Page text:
It's funny, I can be completely obsessive about it in some areas, and then fly by the seat of my pants in others....not always applied to the right situations. When I was doing my birth plan, I took in a 12 page checklist to my midwife, her eyes almost popped out of her head, and then found out that half of the things on the list don't even get done here, or within that practice anyways.
It's hard when you are scared and feel out of control to figure out what choices to make, and know what you should put on your birth plan. 14 years and many many clients later, if I were doing it again (please let this not jynx me) this is what I would do differently.
Honestly, I would probably still start with the lengthly checklist, they can be really helpful when trying to figure out what options you have, what they are, and what really matters to you. Then I would go through and figure out what are our top 5 most important things. What do I really want to happen and what do I really want not to happen? I know, this sounds super complicated, but it's not as hard as you think, especially if you remember that many things are tied together in birth. I opted to have a home birth with a midwife. There were certain blanket decisions that were made simply because of this choice that I didn't have to put in mine, although I'm sure I checked the box anyways, simply because the home birth aspect practically eliminated them.
We sometimes forget that many of our decisions eliminate, or necessitate other things. If you say you want to know the pros
and cons of every procedure prior to them being considered and to be told when they're being considered, do you have to state every one you want or don't want? If say you want to move freely does that not eliminate everything that prevents you from doing so? If you would like an epidural, you are in bed with an IV and monitor and catheter among other things. When you think this way, can you see how it can be easier to streamline things?
But what do you do when plans don't go as you hoped? I got lucky, because I didn't need to use a back up plan, but do you have one? Do you need one? I'm no sure everyone needs a plan a, and b, and c, and x, but rather I think we need 3 very important things:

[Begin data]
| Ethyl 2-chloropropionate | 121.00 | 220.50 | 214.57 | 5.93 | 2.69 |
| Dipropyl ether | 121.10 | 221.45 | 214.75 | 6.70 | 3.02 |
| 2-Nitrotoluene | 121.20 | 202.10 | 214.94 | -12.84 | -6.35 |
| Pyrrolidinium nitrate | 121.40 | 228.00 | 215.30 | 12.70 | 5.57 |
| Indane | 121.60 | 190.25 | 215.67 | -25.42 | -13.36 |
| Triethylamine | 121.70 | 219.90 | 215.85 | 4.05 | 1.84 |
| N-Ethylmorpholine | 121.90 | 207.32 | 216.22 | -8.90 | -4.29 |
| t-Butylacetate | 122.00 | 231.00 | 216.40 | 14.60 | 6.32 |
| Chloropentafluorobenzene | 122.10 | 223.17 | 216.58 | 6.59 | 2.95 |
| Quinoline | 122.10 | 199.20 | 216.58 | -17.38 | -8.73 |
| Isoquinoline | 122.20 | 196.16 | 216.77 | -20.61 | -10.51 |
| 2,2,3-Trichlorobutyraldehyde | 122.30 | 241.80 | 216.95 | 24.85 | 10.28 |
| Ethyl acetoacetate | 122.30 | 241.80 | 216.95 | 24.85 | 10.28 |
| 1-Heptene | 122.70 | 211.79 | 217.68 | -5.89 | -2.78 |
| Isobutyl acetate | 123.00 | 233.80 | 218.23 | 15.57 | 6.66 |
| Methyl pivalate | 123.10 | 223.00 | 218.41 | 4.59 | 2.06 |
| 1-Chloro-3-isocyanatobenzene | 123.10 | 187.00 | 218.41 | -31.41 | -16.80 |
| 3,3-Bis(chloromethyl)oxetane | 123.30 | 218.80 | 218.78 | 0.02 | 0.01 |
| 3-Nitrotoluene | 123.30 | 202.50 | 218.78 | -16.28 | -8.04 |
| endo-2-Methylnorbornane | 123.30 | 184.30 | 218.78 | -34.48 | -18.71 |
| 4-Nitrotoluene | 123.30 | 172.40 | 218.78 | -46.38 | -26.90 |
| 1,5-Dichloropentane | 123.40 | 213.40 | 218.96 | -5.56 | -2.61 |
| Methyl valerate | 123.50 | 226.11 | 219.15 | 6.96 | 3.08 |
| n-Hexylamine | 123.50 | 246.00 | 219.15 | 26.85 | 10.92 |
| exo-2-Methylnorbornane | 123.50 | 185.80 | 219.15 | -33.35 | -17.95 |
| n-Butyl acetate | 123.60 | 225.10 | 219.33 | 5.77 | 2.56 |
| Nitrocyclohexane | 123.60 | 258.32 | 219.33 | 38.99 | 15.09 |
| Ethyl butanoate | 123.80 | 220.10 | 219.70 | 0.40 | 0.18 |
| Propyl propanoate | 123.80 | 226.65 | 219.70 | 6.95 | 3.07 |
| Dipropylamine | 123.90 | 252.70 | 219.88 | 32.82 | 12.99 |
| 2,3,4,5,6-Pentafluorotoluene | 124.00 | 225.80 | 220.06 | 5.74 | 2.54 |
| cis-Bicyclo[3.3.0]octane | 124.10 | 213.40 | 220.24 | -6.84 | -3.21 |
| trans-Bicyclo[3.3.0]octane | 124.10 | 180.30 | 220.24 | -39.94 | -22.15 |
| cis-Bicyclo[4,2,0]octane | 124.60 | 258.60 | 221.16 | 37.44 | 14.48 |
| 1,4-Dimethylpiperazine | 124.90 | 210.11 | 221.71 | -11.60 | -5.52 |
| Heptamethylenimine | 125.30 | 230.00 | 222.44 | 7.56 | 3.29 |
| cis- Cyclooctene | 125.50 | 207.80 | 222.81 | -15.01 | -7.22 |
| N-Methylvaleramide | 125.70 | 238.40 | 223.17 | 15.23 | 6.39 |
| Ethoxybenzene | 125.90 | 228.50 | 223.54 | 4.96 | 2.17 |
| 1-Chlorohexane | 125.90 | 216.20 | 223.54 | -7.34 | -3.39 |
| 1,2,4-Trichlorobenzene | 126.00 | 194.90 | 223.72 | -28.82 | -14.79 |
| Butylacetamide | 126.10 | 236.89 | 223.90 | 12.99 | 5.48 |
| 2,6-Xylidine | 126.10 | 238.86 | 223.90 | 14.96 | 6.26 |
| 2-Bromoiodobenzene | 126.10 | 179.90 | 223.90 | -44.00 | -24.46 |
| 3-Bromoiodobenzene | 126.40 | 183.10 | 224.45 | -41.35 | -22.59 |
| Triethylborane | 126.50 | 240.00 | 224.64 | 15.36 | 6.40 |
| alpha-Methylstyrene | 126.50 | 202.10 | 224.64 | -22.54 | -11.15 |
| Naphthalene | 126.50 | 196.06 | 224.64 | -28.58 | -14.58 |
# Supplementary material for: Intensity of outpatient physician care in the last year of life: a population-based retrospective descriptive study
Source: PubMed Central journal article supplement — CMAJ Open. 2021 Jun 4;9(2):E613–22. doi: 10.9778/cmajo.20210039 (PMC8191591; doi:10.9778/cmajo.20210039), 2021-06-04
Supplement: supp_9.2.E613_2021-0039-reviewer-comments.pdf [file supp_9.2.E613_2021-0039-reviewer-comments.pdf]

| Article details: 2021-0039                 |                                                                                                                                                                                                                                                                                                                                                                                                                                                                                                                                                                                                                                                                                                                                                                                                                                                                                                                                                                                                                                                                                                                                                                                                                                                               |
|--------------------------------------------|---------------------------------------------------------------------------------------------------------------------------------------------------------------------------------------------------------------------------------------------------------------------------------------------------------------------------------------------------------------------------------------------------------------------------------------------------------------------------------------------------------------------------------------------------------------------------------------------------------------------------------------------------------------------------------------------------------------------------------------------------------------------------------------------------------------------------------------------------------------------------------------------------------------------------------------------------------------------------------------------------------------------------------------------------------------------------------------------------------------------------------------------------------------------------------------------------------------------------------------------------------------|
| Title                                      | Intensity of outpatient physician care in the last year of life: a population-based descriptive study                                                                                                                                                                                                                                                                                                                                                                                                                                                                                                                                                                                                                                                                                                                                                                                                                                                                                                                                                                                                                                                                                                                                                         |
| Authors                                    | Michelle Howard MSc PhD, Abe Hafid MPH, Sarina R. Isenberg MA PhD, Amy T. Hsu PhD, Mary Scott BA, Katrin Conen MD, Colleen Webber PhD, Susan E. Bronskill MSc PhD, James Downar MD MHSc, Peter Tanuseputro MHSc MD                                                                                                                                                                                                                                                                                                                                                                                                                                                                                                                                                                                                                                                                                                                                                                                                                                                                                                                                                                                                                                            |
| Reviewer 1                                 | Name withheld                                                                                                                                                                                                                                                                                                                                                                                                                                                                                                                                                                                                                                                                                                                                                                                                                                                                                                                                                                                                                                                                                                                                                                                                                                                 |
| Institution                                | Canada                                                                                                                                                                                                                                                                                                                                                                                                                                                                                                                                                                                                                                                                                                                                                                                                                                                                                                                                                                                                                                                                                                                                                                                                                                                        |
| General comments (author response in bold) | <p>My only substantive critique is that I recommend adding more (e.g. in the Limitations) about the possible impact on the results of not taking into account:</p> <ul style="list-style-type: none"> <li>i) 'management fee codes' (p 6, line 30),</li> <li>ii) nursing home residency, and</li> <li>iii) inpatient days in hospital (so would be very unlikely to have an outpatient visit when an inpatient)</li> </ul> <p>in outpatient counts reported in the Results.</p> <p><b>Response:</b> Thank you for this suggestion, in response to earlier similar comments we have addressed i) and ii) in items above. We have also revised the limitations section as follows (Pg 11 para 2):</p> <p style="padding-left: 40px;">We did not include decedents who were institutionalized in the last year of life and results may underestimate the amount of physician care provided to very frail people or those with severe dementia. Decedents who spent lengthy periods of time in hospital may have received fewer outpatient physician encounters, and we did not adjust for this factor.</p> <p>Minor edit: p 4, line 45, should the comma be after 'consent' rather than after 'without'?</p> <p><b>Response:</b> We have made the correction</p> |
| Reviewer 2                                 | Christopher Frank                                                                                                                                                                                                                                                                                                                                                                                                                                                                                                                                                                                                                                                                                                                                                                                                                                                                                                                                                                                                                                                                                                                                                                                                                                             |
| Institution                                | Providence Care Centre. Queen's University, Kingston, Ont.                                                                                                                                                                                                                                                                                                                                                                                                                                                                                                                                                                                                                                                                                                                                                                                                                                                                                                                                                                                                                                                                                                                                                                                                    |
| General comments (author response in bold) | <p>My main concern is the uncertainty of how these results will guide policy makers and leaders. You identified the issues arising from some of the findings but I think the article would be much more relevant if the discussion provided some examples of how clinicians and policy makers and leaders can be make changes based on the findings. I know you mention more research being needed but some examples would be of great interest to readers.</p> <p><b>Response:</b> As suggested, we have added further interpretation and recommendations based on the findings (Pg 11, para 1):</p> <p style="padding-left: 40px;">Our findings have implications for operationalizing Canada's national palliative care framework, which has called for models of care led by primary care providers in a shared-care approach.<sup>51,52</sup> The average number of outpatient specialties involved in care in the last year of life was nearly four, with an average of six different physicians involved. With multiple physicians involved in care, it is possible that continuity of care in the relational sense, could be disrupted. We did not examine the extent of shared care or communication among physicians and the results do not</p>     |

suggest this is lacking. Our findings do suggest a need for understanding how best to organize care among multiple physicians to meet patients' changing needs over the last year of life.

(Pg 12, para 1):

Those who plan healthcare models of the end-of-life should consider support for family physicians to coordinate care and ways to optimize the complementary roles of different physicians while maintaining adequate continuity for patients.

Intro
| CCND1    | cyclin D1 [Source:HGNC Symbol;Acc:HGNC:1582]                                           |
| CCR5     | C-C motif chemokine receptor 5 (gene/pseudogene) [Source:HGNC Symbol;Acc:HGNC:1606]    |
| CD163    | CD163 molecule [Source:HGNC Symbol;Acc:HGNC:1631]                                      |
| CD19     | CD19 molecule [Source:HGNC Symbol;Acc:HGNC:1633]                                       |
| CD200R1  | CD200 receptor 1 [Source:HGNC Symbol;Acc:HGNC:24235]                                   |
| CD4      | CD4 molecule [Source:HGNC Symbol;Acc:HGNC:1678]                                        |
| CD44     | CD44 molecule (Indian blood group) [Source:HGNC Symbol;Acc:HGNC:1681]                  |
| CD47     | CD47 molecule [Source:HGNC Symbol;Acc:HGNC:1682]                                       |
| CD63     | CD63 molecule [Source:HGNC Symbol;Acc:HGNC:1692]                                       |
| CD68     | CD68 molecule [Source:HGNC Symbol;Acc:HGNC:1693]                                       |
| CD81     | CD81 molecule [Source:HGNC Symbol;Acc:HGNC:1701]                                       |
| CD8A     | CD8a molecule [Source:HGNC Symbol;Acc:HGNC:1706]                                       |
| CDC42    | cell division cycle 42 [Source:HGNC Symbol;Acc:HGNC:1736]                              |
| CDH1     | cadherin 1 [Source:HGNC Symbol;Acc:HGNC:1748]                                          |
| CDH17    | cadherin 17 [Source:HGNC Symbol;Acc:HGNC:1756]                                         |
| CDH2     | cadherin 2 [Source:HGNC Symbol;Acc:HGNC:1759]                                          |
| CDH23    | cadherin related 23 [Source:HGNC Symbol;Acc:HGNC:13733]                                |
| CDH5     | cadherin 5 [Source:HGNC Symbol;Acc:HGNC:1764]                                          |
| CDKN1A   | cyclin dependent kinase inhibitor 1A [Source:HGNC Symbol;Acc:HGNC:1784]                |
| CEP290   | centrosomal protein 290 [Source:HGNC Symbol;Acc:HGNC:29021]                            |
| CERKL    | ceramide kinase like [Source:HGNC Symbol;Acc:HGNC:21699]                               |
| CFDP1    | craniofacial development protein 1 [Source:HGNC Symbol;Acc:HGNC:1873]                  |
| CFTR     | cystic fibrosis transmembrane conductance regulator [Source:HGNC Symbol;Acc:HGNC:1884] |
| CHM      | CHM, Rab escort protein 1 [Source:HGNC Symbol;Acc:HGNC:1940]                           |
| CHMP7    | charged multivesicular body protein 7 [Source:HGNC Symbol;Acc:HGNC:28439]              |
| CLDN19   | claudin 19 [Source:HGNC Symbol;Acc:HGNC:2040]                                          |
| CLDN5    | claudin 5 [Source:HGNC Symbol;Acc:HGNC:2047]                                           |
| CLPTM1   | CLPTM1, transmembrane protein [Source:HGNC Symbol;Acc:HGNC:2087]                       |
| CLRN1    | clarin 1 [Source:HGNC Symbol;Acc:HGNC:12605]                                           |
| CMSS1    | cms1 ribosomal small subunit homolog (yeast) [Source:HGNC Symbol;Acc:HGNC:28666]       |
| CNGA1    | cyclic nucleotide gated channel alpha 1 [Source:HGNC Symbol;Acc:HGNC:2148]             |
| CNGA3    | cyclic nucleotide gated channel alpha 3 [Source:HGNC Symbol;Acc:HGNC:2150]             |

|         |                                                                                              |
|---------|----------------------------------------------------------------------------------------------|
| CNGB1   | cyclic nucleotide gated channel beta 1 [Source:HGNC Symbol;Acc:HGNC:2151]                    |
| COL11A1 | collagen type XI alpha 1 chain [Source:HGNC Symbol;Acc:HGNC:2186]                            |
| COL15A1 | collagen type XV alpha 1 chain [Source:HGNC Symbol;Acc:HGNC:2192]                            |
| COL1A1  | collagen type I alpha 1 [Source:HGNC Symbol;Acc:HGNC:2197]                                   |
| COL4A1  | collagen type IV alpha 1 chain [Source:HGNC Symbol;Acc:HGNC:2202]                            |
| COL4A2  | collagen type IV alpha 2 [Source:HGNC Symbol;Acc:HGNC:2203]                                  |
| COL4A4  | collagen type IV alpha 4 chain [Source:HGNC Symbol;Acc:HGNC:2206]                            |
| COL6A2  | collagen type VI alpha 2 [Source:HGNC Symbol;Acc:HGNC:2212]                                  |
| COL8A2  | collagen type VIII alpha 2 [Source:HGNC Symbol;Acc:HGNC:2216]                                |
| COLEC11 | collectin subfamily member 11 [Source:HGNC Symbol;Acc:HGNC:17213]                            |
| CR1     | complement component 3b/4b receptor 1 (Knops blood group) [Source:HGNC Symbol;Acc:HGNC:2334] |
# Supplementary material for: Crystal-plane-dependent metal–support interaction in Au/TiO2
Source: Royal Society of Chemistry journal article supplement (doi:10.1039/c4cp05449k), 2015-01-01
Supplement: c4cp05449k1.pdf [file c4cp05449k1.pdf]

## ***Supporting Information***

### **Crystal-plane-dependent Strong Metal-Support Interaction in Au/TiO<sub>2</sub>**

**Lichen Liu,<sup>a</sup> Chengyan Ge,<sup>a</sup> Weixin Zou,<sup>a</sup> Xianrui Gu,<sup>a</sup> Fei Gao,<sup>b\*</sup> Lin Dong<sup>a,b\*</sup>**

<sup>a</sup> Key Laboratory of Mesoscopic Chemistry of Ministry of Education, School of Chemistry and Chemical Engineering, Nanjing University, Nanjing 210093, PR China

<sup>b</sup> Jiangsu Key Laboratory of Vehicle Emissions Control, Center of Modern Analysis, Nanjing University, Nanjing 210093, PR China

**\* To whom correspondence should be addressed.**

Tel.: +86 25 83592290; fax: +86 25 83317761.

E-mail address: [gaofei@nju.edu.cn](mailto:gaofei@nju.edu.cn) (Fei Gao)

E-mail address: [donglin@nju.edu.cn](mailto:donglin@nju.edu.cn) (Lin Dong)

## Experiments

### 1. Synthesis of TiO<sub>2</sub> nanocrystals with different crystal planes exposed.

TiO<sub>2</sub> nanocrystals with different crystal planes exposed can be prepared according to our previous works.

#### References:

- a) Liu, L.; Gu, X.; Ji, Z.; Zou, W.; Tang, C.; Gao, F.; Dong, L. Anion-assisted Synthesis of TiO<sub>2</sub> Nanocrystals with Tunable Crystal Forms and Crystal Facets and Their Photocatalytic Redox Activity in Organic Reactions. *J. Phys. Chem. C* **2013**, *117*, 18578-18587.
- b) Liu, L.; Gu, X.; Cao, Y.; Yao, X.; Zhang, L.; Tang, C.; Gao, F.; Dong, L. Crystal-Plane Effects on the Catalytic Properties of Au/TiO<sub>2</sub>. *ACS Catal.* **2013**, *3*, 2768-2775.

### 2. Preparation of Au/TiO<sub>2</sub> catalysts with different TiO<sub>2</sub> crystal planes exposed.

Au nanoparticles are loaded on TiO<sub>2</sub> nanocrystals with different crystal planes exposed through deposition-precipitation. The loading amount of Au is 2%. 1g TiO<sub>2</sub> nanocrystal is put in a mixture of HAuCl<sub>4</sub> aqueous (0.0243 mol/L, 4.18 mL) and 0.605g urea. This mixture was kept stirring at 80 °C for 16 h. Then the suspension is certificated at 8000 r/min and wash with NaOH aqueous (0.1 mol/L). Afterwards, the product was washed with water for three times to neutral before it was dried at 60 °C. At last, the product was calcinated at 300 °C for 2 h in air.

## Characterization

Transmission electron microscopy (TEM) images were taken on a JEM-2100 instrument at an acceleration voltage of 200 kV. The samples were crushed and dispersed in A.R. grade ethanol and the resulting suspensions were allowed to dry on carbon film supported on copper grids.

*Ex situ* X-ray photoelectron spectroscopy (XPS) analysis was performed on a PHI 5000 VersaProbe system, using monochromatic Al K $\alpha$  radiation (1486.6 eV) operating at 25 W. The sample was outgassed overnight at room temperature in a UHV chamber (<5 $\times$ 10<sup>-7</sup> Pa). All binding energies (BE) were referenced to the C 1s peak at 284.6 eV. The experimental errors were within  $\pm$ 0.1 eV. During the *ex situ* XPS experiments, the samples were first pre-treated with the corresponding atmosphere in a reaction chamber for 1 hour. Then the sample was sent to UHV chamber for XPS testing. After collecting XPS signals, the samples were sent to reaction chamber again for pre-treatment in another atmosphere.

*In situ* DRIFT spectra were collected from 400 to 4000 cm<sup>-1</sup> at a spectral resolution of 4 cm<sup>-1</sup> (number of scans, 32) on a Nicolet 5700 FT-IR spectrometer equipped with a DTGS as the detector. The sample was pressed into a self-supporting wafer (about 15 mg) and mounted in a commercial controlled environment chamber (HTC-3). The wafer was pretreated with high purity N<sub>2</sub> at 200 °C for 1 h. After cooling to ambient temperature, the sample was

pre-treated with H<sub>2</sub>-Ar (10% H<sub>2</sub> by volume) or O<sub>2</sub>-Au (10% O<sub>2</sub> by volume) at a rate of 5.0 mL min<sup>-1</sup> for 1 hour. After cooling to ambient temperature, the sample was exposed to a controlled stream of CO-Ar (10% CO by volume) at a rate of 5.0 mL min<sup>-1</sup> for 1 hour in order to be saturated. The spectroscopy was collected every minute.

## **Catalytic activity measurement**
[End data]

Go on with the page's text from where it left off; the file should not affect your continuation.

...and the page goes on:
Your due date is very quickly approaching and you can’t wait to be off work with your little one. Who doesn’t love paid time off? All you have to do is figure out maternity leave, and it’s giving you a headache. Don’t worry, we’re here to help!
There are some common facts that relate to all maternity and baby related benefits:
- All EI benefits have a 2 week waiting period.
- If the waiting period has been served within the previous 52 weeks, you will not have to serve it again.
- If the benefit can be shared with someone else, only 1 waiting period has to be served (so if mom receives sickness benefits or maternity benefits and serves the waiting period then the partner does not have to serve a waiting period).
- You must apply for benefits as soon as you stop working!
- You don’t need your record of employment to begin the process.
- If you wait longer than 4 weeks after your last day of work, you may lose your benefits.
- Your income must be reduced by more than 40%.
- You must have worked at a job or numerous jobs where Employment Insurance was taken from your cheque for at least 600 hours cumulatively in the last 52 weeks or since your previous EI claim, whichever is SHORTER!
- It can take up to 28 days to receive benefits.
- All benefit periods run from Sunday to Sunday. If you have your child/become ill on a Monday, your benefit period does not start until the following Sunday.
- Until August 1, 2015 after the waiting period has been served, you may work while on leave. If your earnings are less than 90% of the weekly earnings used to calculate your benefits, your benefits will be reduced by 50% of all earnings during that week. If your income exceeds the 90%, then your benefits will be reduced by 100% of your earnings.
- EI benefits are taxable!
- EI benefits are generally approx. 55% of your earnings up to a maximum of $514 per week.
Employment Insurance Sickness Benefit:
- A benefit for people who meet the above criteria and cannot work because of sickness, illness or quarantine.
- 15 weeks of benefits.
- There are a variety of ways that the two week waiting period can be waived or deferred, especially if you are receiving sick leave pay from your employer, or sickness and accident benefits from insurance benefits. Check with CRA to ensure that you are not serving a waiting period you do not have to serve.
- This would apply to a mother who is experiencing complications due to her pregnancy and was therefore unable to work.
- A benefit for all biological mothers including surrogates who cannot work because they are pregnant or have recently given birth.
- 15 weeks of benefits.
- Can begin up to 8 weeks prior to the due date.
- You cannot receive benefits past 17 weeks after your due date, OR the day you give birth, whichever is later.